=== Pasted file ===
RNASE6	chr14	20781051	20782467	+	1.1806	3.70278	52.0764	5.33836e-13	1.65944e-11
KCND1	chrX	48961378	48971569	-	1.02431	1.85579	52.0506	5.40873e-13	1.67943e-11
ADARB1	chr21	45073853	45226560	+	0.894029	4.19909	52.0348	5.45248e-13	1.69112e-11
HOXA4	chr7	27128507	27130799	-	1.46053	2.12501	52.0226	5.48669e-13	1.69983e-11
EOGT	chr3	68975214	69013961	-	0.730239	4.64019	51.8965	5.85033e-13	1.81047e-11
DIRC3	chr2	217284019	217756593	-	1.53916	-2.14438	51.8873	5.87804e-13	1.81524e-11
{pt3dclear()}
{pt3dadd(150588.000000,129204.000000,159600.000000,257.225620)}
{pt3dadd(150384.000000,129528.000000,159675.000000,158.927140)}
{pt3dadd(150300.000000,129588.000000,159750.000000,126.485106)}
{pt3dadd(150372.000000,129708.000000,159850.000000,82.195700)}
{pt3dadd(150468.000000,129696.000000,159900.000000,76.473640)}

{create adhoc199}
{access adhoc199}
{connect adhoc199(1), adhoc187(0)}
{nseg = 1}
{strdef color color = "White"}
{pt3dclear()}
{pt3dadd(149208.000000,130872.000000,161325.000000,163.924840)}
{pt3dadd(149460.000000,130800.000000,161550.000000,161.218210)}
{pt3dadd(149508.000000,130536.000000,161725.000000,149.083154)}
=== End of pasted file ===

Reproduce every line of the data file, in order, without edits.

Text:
RNASE6	chr14	20781051	20782467	+	1.1806	3.70278	52.0764	5.33836e-13	1.65944e-11
KCND1	chrX	48961378	48971569	-	1.02431	1.85579	52.0506	5.40873e-13	1.67943e-11
ADARB1	chr21	45073853	45226560	+	0.894029	4.19909	52.0348	5.45248e-13	1.69112e-11
HOXA4	chr7	27128507	27130799	-	1.46053	2.12501	52.0226	5.48669e-13	1.69983e-11
EOGT	chr3	68975214	69013961	-	0.730239	4.64019	51.8965	5.85033e-13	1.81047e-11
DIRC3	chr2	217284019	217756593	-	1.53916	-2.14438	51.8873	5.87804e-13	1.81524e-11
{pt3dclear()}
{pt3dadd(150588.000000,129204.000000,159600.000000,257.225620)}
{pt3dadd(150384.000000,129528.000000,159675.000000,158.927140)}
{pt3dadd(150300.000000,129588.000000,159750.000000,126.485106)}
{pt3dadd(150372.000000,129708.000000,159850.000000,82.195700)}
{pt3dadd(150468.000000,129696.000000,159900.000000,76.473640)}

{create adhoc199}
{access adhoc199}
{connect adhoc199(1), adhoc187(0)}
{nseg = 1}
{strdef color color = "White"}
{pt3dclear()}
{pt3dadd(149208.000000,130872.000000,161325.000000,163.924840)}
{pt3dadd(149460.000000,130800.000000,161550.000000,161.218210)}
{pt3dadd(149508.000000,130536.000000,161725.000000,149.083154)}